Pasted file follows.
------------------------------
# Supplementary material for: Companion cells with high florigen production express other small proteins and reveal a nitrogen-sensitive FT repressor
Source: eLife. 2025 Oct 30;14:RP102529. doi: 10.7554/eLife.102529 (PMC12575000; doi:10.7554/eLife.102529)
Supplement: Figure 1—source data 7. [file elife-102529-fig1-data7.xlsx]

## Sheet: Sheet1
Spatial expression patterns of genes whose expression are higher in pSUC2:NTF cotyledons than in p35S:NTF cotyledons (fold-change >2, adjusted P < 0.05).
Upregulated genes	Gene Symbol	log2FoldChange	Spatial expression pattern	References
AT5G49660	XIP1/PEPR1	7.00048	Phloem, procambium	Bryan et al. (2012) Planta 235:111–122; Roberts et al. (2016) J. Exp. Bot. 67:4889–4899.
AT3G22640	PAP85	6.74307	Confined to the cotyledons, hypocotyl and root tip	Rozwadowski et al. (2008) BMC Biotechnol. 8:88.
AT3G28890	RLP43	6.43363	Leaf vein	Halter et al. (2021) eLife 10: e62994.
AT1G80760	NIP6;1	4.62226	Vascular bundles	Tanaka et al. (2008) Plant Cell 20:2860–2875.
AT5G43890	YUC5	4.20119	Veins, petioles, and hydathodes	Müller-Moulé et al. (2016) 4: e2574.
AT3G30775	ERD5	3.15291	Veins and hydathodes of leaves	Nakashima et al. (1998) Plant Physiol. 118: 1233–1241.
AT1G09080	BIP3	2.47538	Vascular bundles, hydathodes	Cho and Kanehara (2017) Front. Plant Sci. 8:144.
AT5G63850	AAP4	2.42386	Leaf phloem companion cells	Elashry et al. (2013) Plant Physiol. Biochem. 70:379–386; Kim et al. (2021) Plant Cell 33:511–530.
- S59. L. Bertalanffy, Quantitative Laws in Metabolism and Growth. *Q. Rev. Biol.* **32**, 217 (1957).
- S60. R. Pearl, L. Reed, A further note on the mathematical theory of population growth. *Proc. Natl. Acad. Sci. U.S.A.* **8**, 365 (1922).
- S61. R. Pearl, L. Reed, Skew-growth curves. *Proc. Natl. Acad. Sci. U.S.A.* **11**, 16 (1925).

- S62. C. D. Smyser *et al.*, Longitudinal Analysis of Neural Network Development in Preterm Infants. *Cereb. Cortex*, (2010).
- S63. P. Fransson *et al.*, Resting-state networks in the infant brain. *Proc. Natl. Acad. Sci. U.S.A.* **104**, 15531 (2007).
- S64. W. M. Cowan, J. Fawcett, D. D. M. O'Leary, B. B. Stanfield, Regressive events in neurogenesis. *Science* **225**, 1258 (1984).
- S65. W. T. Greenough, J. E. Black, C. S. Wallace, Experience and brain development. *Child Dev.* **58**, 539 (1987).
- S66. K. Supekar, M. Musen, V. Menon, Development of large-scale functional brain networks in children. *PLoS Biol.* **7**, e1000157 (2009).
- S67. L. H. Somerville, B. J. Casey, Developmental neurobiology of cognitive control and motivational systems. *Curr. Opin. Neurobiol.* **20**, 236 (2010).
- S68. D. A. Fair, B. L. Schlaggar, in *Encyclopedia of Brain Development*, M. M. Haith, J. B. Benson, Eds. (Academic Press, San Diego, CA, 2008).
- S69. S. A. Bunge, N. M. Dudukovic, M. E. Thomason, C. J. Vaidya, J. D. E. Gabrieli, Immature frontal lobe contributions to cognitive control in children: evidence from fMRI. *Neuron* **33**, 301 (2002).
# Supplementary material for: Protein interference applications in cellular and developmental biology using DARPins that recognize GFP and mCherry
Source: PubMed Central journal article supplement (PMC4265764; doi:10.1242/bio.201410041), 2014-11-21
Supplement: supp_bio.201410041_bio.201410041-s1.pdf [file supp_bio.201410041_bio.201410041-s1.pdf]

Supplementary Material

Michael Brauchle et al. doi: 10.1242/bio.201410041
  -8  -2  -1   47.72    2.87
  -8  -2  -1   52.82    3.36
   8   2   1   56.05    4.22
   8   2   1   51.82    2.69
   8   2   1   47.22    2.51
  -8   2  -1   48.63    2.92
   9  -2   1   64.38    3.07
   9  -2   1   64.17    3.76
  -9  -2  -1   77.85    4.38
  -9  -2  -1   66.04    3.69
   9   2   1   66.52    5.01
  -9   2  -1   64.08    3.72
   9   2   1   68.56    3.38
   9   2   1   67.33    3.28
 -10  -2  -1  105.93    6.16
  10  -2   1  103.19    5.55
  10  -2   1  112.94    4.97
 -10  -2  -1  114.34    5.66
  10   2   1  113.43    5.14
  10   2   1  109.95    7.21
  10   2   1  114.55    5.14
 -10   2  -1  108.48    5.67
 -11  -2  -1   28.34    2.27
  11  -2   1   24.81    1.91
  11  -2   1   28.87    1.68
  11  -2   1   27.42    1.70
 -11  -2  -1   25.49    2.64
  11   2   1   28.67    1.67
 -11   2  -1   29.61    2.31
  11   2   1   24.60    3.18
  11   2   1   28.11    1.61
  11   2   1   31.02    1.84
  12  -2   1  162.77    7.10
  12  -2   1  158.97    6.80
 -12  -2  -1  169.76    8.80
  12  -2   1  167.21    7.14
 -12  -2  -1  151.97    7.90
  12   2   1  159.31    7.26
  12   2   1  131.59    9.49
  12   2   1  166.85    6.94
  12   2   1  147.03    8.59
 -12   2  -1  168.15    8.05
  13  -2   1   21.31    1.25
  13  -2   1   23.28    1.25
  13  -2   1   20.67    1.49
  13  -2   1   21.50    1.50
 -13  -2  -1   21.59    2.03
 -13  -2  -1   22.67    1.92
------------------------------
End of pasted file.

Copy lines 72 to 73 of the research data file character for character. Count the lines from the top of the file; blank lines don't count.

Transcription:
 -12   2  -1  168.15    8.05
  13  -2   1   21.31    1.25